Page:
Tag Archives: design

So, what have I been up to?

Deanne Holden 1

It’s all been rather busy since I graduated. ¬†And, as the saying goes, time flies when you’re having fun ūüėČ

So, what have I been up to?

Well, there was New Designers of course, which was an amazing (if frenetic) experience). ¬†You can read all about it on Pinso ¬†ūüėČ

I’ve also been working on developing my Body of Work series using different media. ¬†Here are some examples ¬†of my work in progress brooches, based on abstractions of surgical incisions.

Deanne Holden 1 Deanne Holden 2 Deanne Holden 3

 

 

 

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Joy in Motion: The Wonderful World of Tom McPhee

Rustle - Tom McPhee -¬ģ Joint Effort.

I really wanted to share a post with you I wrote for Pinso a week or two ago, just because the work it features makes me so gosh-darn happy ūüôā So, here it is, and I hope you enjoy! For the record, the image above, Rustle, is my favourite piece and I’ve put in a request for a 6ft version to be created so… we’ll see ūüėČ

 

Tom McPhee’s work really caught my attention at¬†New Designers¬†because it’s so playful!

Using metalsmithing techniques, he creates interactive automata and kinetic sculpture pieces which entice the viewer to interact and play; encouraging curiosity in the details that surround their lives.

Zephyr 2 - Tom McPhee -¬ģ Joint Effort.

Tom’s work is inspired by the moments in the everyday, ¬†“like when a leaf blows in the wind or a flash of sunlight causes you to become distracted from the often hectic nature of our day to day lives, creating a timeless moment when suddenly, we become transported by the things we see and enter a place where contemplation occurs, captivated by the meditative beauty we see.”

Slow Pace - Tom McPhee -¬ģ Joint Effort.

The pieces featured here are from his Degree Show Collection at University of Falmouth – I’m looking forward to seeing the direction he takes with his future work.

You can find out more about Tom and his work here and follow him on Twitter here!

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Exciting times for new designers

Cthulu cat, will you be my sole source of income?

I’m old. ¬†Well, maybe not old, but I am a mature student. ¬†Which means that I probably spend more time than most wondering what is to be become of me once I graduate. ¬†Will I be able to pay my mortgage? ¬†Will I need to send my cats to work in sweatshops to fund my falafel habit? How much money could I get if I sold my boyfriend on the black market? And so on and so forth.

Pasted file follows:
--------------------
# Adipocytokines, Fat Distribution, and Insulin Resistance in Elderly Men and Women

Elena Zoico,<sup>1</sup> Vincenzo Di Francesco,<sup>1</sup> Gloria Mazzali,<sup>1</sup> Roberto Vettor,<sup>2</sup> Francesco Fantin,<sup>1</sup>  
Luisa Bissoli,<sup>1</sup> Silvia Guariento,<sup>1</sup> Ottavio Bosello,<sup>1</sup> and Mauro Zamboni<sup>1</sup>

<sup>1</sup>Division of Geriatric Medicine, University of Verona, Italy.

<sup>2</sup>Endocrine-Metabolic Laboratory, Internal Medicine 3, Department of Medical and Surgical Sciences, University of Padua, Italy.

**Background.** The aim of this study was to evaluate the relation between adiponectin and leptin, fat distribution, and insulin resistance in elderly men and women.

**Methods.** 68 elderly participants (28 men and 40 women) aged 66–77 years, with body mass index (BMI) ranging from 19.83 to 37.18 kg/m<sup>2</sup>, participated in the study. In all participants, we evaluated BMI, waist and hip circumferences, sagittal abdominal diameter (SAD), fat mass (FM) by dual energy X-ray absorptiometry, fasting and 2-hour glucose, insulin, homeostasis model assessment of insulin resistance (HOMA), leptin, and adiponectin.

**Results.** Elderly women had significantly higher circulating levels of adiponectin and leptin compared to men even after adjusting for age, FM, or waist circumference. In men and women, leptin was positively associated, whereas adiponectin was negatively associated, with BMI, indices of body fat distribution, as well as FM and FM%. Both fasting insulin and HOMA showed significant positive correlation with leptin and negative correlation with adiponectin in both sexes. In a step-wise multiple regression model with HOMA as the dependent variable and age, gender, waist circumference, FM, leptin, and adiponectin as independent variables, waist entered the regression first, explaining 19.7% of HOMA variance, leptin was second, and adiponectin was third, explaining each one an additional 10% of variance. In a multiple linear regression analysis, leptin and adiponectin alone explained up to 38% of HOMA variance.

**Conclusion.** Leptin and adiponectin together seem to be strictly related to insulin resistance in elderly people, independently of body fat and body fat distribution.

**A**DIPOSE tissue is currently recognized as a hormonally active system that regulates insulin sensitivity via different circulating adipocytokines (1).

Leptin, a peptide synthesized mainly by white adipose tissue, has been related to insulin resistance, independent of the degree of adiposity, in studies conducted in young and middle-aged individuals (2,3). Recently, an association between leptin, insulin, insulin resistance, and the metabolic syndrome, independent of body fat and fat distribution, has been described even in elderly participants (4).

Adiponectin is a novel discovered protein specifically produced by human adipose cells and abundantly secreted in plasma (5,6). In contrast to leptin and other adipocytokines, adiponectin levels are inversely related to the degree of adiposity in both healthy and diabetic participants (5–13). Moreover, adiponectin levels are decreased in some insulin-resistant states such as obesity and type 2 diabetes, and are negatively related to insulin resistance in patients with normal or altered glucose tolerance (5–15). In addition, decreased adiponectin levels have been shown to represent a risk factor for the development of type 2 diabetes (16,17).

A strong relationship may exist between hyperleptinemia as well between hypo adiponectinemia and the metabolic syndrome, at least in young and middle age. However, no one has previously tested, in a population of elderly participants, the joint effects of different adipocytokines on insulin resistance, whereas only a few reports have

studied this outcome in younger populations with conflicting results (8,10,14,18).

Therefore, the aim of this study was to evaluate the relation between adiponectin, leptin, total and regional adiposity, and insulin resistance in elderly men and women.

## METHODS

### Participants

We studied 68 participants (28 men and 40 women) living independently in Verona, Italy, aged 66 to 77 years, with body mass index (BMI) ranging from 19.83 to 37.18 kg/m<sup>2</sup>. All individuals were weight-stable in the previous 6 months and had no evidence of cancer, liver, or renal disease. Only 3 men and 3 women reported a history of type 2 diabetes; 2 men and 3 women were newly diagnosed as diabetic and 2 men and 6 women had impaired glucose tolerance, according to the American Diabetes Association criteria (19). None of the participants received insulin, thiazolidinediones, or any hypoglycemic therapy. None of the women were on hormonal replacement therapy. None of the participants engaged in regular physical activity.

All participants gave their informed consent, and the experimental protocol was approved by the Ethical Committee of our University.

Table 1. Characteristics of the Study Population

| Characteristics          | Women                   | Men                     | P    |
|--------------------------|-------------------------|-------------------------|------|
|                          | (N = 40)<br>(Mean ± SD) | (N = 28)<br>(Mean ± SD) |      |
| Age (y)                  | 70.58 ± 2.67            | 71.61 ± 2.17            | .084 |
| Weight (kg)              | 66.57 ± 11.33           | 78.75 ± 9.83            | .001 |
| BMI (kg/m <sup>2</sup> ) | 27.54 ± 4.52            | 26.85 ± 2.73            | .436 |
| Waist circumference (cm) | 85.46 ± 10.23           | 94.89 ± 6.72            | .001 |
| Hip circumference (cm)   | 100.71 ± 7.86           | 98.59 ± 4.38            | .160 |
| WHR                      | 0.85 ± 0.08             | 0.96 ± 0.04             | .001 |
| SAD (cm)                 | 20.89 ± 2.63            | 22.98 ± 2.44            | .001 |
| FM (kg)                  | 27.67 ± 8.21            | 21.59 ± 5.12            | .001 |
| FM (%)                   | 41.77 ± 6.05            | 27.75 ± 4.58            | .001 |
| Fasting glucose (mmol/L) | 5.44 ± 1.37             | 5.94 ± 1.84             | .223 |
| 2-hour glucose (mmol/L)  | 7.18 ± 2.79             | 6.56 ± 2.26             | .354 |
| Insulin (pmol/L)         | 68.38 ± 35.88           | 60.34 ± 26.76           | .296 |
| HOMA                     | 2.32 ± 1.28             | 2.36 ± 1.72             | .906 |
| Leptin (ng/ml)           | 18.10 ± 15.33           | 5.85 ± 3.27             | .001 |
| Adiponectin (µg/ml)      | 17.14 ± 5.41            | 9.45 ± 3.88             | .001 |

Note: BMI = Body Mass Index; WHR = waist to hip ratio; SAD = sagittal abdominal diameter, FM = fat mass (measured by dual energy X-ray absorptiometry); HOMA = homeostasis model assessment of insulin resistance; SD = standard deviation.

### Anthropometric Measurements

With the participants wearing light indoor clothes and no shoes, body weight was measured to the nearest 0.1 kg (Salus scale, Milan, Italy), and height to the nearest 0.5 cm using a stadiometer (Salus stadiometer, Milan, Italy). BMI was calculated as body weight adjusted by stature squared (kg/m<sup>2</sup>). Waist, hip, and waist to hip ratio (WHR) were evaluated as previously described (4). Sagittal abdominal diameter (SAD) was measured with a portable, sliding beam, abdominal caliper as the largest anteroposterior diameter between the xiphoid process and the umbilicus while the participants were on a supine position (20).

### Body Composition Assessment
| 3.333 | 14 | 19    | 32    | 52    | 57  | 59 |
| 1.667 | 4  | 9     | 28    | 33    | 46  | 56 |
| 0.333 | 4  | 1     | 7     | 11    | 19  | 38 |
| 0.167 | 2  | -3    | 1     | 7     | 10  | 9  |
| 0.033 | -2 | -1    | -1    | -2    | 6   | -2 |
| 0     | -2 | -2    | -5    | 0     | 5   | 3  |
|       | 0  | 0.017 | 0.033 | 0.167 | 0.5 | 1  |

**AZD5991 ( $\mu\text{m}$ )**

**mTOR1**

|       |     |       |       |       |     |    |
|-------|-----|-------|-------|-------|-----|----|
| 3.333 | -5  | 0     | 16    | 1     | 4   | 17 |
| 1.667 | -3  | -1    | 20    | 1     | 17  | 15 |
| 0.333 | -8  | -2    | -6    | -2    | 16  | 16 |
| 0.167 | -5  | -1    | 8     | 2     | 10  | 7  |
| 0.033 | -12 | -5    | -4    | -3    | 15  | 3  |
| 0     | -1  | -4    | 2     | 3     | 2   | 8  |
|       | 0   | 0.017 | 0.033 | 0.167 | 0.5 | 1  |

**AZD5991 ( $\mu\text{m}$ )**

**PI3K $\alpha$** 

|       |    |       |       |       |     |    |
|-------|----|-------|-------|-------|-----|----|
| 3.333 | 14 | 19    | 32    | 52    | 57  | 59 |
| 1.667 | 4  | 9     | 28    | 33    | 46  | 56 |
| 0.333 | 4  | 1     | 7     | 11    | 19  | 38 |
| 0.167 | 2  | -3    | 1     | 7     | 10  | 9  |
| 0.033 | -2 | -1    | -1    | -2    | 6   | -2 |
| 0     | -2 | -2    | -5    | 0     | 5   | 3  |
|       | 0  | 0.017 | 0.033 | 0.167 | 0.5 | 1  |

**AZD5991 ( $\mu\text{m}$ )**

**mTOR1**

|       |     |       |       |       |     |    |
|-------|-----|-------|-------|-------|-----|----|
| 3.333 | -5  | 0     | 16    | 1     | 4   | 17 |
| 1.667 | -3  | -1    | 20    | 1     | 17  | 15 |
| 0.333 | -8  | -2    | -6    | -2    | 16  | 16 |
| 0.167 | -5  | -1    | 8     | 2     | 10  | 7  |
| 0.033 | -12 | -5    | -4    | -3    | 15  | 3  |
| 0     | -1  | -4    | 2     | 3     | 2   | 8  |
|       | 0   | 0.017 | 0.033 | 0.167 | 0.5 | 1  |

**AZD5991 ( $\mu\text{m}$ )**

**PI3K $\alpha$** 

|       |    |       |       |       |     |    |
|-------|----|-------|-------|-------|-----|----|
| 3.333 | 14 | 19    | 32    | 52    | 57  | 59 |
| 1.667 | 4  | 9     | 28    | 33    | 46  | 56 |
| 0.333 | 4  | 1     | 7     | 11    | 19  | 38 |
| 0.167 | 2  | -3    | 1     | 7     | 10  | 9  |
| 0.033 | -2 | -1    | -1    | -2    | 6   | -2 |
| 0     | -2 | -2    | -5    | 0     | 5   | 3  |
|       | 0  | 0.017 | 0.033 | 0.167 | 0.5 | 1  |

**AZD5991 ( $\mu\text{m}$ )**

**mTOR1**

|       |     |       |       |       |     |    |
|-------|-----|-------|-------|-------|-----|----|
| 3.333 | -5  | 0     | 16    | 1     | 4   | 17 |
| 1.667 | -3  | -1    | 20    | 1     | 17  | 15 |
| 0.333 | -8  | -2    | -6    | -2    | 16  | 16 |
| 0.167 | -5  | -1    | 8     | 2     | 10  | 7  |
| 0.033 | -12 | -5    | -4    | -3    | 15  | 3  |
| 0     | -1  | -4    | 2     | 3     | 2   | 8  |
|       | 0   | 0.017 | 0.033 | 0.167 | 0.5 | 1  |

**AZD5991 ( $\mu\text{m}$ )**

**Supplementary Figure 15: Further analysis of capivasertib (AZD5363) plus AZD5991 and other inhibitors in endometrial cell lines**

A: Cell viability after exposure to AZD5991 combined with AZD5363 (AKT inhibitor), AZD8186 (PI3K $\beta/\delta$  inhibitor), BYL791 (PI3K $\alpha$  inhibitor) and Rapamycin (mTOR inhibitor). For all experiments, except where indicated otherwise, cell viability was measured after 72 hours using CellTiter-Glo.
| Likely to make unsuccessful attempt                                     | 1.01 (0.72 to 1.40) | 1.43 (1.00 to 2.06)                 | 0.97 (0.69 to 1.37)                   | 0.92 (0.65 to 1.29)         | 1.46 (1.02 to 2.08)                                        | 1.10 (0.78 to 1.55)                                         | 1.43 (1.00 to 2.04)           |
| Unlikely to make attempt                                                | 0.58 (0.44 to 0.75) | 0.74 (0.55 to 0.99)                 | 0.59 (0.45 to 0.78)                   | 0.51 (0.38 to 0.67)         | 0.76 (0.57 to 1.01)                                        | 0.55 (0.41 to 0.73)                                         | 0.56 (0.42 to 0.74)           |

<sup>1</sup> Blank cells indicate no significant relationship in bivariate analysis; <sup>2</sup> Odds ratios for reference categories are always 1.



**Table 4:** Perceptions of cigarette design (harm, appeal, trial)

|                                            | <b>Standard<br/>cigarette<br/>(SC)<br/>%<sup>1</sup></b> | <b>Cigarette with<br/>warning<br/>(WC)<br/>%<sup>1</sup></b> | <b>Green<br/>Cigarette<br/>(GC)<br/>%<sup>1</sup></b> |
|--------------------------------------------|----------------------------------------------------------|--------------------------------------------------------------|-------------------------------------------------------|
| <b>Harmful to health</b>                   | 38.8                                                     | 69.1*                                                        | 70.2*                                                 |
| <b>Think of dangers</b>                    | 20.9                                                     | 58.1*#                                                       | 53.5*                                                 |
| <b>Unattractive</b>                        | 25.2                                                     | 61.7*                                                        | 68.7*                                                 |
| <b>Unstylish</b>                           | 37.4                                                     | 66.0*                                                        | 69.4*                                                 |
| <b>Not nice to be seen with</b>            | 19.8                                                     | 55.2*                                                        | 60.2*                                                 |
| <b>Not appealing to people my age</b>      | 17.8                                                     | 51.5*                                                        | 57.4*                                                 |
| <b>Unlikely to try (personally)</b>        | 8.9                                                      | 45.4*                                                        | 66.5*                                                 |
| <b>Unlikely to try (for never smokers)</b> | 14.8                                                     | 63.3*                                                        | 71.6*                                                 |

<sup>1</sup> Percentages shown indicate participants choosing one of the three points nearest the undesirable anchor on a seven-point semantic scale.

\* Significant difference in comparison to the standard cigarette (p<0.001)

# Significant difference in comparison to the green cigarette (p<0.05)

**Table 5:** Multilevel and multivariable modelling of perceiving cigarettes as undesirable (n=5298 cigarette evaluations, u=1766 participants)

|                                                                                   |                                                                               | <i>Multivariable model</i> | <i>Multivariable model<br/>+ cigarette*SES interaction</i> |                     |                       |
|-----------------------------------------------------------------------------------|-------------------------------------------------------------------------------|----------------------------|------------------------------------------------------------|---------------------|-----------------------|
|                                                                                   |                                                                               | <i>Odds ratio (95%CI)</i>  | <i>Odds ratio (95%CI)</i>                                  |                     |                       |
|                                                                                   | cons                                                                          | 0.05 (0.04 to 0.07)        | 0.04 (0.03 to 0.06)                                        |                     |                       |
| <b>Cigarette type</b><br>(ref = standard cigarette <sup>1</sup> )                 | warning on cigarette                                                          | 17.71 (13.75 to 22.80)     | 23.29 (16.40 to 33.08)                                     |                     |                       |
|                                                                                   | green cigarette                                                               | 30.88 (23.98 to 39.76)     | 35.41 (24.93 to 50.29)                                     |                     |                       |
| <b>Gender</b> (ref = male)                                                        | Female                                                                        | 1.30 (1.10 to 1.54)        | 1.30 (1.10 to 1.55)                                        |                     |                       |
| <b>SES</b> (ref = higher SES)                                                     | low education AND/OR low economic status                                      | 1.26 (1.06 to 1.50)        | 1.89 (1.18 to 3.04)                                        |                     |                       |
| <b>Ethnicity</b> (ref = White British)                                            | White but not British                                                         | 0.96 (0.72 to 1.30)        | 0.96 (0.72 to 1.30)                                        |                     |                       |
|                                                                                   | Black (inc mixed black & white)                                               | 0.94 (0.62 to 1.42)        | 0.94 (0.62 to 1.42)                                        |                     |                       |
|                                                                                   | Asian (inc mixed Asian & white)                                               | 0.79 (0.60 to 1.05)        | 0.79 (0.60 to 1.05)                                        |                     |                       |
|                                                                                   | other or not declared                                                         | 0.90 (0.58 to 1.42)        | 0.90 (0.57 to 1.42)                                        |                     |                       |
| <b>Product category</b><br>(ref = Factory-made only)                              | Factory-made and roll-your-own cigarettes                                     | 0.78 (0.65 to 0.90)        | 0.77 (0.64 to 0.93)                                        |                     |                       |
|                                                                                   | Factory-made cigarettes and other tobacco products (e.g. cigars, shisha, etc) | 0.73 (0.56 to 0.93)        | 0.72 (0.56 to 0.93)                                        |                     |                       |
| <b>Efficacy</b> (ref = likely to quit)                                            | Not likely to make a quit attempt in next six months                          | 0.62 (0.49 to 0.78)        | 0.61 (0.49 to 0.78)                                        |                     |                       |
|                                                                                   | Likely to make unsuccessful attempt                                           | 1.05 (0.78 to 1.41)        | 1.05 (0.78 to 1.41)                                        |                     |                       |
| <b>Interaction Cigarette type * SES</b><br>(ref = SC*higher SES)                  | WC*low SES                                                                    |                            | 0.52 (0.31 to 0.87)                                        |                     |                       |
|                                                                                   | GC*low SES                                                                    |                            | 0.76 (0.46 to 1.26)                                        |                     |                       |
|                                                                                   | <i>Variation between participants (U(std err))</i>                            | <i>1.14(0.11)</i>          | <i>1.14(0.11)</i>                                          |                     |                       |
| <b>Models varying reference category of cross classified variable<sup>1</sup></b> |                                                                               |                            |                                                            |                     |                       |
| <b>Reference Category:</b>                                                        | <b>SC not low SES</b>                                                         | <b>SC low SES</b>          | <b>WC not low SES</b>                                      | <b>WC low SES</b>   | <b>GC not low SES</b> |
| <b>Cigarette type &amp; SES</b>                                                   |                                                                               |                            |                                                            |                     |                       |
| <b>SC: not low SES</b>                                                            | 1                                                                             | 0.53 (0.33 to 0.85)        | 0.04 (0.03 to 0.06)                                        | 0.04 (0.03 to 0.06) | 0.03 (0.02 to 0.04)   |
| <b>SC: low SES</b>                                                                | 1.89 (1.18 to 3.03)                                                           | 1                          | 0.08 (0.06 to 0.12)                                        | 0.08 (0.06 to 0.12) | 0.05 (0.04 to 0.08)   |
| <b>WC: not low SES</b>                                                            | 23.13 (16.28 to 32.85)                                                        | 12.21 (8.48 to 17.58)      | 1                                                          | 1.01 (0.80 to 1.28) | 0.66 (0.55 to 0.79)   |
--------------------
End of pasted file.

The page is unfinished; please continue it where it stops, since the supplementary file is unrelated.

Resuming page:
But the truth is, there’s lots going on out there. ¬†And lots of opportunities for creative peeps too.

Vanilla Ink for one.  A fully equipped workshop space in Dundee for jewellery graduates, Vanilla Ink  also supplies tailor-made business training, mentoring, support and advice as well as an exhibition space. Helping graduates develop practical skills Vanilla Ink is helping new graduates find their feet.  And their launch night is tomorrow Рso if you can make it, go!

Another one to watch is the Edinburgh based ACS Jewellery Studio, which is currently fundraising to get tools and equipment for its Graduate Kick Start Programme.  Check out their video on Indiegogo.

ACS ¬†want to support graduates by¬†holding open days and annual exhibitions, exhibiting students’ work in their gallery, offering business advice and a creative and supportive environment.

Another interesting opportunity that I became aware of recently was the Edinburgh Contemporary Craft Workshops.  Aiming to launch in January 2013, they are also looking to support recent graduates.

The overwhelming message here is that there are opportunities out there to help you launch your career!

It’s exciting and inspirational times and I’d be really interested to find out more about what’s going on out in Scotland for creative graduates. ¬†Please let me know and it’ll be blogs ahoy!